UNC Lineberger faculty co-author review article on adjuvant chemotherapy in women 70 years of age and older
Chapel Hill, NC – A mysterious form of cell death, coded in proteins and enzymes, led to a discovery by UNC researchers uncovering a prime suspect for new cancer drug development.
Dr. Angelique Whitehurst, assistant professor of pharmacology, was awarded a 2011 Innovative Research Grant from Stand Up to Cancer, the scientific partner of the American Association of Cancer Research.
Changes in DNA that are important to the initiation and progression of lung cancer also identified by NIH-supported researchers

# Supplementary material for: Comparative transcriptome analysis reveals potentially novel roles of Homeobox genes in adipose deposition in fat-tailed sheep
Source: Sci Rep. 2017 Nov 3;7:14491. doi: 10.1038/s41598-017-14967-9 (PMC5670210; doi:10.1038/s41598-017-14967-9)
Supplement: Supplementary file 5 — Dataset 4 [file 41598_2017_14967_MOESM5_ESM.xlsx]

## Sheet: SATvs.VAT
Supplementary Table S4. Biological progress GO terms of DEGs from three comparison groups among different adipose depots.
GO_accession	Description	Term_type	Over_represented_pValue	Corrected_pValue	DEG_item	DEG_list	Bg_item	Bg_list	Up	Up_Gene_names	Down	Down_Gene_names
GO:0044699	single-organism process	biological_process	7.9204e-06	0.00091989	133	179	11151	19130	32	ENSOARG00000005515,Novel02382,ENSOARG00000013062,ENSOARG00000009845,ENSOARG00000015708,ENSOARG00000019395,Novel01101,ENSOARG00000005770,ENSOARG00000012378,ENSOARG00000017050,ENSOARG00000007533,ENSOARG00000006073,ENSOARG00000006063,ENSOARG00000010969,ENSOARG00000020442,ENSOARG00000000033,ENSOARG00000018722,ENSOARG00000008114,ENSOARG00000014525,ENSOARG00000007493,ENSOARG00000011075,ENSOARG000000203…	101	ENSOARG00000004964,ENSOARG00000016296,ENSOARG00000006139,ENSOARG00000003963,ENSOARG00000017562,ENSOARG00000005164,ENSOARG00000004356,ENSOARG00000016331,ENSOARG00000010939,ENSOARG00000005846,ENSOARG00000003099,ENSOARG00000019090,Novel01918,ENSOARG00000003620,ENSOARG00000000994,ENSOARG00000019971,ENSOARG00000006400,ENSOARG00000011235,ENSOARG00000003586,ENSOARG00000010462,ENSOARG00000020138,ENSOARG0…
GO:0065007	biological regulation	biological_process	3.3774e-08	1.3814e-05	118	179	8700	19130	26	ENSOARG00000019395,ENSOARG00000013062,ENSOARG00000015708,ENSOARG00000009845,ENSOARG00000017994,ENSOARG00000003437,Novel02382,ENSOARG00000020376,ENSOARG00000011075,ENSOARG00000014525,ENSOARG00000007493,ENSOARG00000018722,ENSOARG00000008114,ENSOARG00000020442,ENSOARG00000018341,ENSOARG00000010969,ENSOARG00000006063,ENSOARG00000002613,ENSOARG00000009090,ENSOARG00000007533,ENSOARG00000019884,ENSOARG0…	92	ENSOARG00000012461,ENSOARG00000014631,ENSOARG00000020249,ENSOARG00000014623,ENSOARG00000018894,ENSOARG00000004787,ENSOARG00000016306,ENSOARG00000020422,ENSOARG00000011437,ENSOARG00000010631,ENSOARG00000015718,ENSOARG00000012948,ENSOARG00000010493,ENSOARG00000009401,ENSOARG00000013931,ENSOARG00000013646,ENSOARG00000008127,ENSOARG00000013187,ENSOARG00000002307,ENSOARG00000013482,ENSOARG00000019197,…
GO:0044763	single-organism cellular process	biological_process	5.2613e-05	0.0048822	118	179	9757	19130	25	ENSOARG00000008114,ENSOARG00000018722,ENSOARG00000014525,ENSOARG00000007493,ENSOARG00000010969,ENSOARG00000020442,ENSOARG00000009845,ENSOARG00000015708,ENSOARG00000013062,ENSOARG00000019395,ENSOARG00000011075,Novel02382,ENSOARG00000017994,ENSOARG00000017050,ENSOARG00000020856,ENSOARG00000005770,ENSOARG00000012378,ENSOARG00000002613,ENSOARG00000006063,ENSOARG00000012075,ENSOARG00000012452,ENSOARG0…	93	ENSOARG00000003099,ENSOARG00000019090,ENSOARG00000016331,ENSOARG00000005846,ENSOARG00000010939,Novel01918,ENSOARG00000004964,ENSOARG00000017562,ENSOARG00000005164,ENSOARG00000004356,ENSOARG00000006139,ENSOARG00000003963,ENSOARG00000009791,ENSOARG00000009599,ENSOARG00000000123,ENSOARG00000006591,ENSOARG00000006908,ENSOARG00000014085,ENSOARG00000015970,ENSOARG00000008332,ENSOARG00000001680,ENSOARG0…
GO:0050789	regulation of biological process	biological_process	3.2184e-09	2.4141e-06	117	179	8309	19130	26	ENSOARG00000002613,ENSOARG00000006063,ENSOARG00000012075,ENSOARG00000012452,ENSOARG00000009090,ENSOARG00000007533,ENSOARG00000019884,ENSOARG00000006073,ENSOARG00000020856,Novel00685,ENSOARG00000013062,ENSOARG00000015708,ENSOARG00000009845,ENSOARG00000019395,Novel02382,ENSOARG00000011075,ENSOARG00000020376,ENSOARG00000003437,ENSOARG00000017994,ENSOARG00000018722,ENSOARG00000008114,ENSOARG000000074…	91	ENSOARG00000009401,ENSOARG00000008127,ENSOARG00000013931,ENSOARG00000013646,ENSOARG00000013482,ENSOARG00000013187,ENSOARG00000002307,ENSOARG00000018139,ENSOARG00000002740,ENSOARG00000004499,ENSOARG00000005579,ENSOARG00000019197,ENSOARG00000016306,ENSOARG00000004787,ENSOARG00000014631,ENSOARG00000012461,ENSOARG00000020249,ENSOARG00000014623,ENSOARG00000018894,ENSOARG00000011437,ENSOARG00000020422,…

Wanda Wooten talks with NBC 17 about the day she was diagnosed with ovarian cancer and her treatment and offers encouragement to other women facing ovarian cancer.
The WTX gene is mutated in approximately 30 percent of Wilms tumors, a pediatric kidney cancer. Like many genes, WTX is part of a family. In this case, WTX has two related siblings, FAM123A and FAM123C.
UNC scientists were co-principal investigators and collaborators for projects described in the September 6, 2012 special issue of the journal Nature describing the ENCODE (Encyclopedia of DNA Elements) Project.